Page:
Spiritual Gifts by Renald E. Showers
In a mere sixty pages, Renald Showers has provided for the people of God one of the finest treatments of spiritual gifts available. The booklet is thoroughly biblical, well reasoned, logically ordered and very readable.
Showers begins with a general definition of spiritual gifts, their purpose and function. In the opening pages he lays the groundwork for his later discussion of tongues and prophecy by distinguishing edifying gifts from sign gifts. Every spiritual gift, he explains, was given for the purpose of ministering to others, never ourselves (p. 8).
In the second chapter, Showers indicates that spiritual gifts are sovereignly distributed (although, I could wish he had discussed 1 Cor 12:31 and 14:1 more thoroughly) and outlines the biblical teaching on spiritual gifts. In chapters three and four, he makes the case for the cessation of certain gifts in general and revelational gifts in particular. In light of well-respected evangelicals such as Wayne Grudem, John Piper, C. J. Mahaney and the so-called Calvinist-charismatics taking a stand for the continuation of the gift of prophecy today, these chapters are particularly pertinent. I appreciated his explanation of Joel 2:28 (pp. 34-36) but would also have been most interested in a fuller explanation of Peter’s use of this text in Acts 2.
The last three chapters make the case for the cessation of tongues. Showers gives one of the most concise and helpful studies on this topic I have read, presenting the Old Testament backdrop coupled with the words of Jesus. He then delivers a solid exegesis of 1 Corinthians 14:21-22. Another chapter explaining the surrounding material in 1 Corinthians 14 would have been a welcome addition.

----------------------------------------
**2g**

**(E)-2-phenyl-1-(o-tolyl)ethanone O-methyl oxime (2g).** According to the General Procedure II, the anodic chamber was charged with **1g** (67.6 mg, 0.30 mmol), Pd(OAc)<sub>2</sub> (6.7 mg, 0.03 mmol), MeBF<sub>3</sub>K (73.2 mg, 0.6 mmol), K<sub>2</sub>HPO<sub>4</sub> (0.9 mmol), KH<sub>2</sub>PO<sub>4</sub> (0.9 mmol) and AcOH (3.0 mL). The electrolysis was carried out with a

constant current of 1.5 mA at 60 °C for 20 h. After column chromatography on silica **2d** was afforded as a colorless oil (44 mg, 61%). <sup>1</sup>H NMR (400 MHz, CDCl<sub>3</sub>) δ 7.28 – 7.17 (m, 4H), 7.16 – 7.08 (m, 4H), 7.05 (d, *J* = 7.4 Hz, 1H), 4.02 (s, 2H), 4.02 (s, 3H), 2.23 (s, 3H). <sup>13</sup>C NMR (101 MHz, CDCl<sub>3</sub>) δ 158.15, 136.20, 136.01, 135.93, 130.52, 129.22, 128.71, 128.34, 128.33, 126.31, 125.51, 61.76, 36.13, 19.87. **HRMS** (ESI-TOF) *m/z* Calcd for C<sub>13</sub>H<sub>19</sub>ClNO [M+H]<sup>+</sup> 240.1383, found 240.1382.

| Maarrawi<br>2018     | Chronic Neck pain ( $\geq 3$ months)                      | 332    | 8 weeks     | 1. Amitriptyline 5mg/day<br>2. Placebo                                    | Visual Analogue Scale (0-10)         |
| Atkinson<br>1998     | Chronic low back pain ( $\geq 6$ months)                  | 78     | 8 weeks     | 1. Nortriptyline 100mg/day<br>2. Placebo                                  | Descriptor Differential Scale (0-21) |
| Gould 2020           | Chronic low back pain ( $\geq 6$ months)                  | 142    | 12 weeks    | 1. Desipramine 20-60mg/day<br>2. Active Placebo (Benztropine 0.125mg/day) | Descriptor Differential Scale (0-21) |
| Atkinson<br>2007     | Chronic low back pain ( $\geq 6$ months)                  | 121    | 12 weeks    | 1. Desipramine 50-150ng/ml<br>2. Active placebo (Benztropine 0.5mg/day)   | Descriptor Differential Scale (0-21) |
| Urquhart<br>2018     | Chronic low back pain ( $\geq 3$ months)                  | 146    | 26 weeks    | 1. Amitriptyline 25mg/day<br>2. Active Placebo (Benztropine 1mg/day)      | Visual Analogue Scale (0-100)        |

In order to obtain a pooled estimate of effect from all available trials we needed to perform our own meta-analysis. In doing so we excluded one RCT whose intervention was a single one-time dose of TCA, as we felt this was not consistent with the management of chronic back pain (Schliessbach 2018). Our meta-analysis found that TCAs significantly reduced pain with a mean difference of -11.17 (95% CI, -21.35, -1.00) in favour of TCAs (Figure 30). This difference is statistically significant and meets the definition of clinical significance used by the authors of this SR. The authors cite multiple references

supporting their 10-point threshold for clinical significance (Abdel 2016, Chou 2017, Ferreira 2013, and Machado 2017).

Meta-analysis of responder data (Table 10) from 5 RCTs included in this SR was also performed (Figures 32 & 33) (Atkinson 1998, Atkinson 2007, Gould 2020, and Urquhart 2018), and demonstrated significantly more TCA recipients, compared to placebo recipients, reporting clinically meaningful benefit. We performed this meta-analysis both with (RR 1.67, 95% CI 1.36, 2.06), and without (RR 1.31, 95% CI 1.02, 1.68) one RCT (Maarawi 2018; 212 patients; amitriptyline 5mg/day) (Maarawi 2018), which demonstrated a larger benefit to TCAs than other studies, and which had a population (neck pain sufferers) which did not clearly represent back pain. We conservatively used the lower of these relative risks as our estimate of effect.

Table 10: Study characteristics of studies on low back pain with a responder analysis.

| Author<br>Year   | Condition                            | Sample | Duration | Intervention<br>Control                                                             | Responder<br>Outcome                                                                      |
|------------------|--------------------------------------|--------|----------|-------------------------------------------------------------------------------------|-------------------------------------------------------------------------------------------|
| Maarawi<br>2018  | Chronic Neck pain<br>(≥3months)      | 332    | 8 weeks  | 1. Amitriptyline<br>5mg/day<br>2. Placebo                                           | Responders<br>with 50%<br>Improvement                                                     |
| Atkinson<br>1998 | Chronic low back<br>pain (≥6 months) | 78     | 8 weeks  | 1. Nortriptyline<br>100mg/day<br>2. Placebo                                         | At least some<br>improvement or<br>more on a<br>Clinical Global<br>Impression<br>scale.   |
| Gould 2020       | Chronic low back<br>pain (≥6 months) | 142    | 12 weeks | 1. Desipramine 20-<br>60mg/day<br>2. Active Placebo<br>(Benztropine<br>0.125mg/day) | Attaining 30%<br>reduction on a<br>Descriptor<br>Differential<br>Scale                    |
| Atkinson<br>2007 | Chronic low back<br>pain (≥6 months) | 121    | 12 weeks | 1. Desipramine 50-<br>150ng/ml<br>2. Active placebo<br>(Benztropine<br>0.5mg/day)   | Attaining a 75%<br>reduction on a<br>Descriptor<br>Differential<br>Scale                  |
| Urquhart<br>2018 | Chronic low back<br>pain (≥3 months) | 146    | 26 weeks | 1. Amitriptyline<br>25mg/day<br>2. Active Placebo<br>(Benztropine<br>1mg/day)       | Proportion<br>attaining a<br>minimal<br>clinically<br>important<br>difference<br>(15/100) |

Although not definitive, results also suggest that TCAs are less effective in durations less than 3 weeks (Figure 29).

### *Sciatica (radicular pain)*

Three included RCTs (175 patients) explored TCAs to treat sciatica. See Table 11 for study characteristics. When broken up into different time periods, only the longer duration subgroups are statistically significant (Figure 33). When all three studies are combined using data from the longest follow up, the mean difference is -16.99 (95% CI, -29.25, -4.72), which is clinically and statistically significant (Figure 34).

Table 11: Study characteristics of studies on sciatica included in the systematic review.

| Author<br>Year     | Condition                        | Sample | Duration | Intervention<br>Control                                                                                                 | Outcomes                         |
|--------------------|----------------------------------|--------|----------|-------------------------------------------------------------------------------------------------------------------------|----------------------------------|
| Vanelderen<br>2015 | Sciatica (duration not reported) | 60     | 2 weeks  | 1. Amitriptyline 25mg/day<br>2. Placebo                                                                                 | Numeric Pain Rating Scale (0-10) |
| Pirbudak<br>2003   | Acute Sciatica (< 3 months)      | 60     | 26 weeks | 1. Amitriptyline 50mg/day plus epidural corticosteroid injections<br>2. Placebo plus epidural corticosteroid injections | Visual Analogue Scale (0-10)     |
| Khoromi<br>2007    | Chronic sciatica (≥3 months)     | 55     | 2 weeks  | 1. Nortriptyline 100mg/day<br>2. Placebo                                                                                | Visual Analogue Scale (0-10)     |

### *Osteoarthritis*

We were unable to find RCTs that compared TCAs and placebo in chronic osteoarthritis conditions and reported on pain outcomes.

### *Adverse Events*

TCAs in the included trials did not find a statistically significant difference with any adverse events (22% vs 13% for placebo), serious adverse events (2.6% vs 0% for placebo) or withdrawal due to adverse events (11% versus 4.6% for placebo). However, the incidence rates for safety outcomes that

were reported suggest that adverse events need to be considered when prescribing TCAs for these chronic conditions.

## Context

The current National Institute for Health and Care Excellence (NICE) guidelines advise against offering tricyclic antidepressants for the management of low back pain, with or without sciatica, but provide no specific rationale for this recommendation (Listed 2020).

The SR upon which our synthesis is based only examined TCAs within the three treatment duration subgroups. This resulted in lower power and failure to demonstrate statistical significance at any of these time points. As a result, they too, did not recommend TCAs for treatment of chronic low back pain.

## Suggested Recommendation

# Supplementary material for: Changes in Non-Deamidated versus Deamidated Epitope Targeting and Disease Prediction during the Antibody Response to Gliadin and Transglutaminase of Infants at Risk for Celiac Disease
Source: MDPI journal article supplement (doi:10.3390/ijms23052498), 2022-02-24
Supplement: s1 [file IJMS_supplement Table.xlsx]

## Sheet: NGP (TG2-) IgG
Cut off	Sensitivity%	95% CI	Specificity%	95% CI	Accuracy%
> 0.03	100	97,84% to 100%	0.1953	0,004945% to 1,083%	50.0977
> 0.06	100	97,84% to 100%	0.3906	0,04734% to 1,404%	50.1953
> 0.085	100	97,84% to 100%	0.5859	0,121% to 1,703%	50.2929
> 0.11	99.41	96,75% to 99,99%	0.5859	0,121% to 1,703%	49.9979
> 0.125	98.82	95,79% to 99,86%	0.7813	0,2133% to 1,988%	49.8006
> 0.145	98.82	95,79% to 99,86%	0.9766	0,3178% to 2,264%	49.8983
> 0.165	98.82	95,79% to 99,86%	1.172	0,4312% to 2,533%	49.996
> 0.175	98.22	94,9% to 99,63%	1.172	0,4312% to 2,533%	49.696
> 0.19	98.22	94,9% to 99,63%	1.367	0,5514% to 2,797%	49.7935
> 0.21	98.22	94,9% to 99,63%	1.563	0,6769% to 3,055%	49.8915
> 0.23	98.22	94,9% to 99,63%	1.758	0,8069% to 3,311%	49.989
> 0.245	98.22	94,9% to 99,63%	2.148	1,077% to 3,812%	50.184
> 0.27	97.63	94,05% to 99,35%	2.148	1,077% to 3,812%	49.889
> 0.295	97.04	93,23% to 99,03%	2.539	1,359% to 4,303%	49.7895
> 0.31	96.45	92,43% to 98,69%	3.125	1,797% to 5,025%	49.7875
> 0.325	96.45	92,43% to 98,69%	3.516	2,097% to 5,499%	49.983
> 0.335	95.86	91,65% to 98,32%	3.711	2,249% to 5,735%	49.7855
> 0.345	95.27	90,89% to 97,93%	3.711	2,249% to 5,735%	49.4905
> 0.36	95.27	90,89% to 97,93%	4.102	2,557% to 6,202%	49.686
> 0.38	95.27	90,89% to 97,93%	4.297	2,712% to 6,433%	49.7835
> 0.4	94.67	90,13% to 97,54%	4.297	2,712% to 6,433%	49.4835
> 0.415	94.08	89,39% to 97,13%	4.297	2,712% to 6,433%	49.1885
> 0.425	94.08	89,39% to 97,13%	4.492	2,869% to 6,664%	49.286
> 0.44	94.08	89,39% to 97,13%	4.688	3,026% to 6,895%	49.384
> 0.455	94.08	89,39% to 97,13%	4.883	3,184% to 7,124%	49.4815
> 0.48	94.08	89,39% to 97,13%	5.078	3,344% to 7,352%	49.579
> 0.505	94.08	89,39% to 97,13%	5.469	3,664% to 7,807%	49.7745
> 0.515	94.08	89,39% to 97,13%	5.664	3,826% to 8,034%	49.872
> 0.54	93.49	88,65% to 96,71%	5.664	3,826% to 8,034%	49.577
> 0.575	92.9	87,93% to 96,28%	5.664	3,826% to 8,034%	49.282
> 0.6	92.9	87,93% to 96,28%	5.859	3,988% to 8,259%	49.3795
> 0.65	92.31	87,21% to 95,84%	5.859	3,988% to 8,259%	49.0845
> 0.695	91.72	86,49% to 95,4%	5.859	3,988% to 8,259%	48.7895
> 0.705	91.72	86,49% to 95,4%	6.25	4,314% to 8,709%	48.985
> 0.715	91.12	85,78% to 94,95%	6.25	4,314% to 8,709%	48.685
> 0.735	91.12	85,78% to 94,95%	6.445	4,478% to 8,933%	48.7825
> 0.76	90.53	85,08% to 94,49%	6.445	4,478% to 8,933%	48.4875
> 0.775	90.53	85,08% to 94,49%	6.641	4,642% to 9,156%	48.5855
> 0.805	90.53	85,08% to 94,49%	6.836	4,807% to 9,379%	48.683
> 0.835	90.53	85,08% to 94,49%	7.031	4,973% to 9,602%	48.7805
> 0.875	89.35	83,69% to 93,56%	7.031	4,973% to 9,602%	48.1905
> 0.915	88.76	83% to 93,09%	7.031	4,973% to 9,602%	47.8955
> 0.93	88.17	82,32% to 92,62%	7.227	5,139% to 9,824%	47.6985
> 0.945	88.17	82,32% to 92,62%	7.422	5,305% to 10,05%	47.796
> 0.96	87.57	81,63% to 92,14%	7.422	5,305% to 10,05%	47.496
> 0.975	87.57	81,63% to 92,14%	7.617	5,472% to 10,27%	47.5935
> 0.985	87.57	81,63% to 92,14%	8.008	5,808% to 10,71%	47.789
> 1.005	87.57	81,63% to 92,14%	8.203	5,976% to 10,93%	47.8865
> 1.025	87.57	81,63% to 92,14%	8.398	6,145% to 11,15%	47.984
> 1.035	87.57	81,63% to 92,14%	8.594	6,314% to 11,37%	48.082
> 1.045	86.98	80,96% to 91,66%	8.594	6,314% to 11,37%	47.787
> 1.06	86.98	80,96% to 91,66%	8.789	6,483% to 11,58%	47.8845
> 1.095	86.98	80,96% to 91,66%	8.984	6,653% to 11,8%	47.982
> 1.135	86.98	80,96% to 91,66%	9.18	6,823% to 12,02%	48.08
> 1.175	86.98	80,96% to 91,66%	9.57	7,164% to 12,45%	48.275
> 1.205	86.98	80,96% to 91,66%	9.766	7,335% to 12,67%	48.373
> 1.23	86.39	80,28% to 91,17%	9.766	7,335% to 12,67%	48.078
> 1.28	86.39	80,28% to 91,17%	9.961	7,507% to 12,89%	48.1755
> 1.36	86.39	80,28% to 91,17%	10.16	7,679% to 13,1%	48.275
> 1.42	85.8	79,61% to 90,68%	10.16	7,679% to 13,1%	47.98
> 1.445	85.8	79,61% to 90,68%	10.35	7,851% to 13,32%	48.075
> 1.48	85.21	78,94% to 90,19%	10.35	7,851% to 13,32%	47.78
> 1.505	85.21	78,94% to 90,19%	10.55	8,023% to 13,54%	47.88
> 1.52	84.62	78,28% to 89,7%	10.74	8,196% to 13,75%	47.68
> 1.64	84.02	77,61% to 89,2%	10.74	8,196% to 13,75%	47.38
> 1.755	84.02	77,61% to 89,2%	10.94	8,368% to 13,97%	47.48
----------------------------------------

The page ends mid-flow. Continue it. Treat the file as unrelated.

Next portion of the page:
Spiritual Gifts provides excellent insight on a tough issue and would be the ideal booklet to hand to those confused on the subject. I would like to see Dr. Showers expand this work to include a few of the matters I mentioned above but, as is, the booklet is a wonderful tool that I will make use of on many occasions.
*Books can be purchased directly from Dr. Showers for $6/each. Contact him at firstname.lastname@example.org.
In personal correspondence Dr. Showers has supplied the following explanation of his view of Peter’s use of Joel 2 in Acts 2. I include this by his permission.
JOEL – ACTS 2
As a result of the Holy Spirit filling the band of believers who were gathered together in Jerusalem on the day of Pentecost, they began to speak “with tongues” (actual human languages that they had never learned)(vv. 1-11). This astounded the unbelieving crowd of Jews who were gathered in Jerusalem from many nations. These individuals wanted to know the source or cause of this strange phenomenon (v. 12). Some claimed that the tongues speakers where drunk (“full of new wine”) (v. 13). In other words, they were saying that the cause of the tongues speaking was too much wine.
Peter responded to this wrong claim (vv. 14-21). He told the unbelieving Jews that the tongues speakers were not drunk. He indicated that it wasn’t possible for them to be drunk, since it was only “the third hour of the day” (vv. 14-15). His point was that it was too early in the day for them to be drunk. According to Jewish reckoning of time the third hour of the day was 9:00 AM, and the Jews participating in the holiday abstained from eating and drinking until 10:00 AM or noon.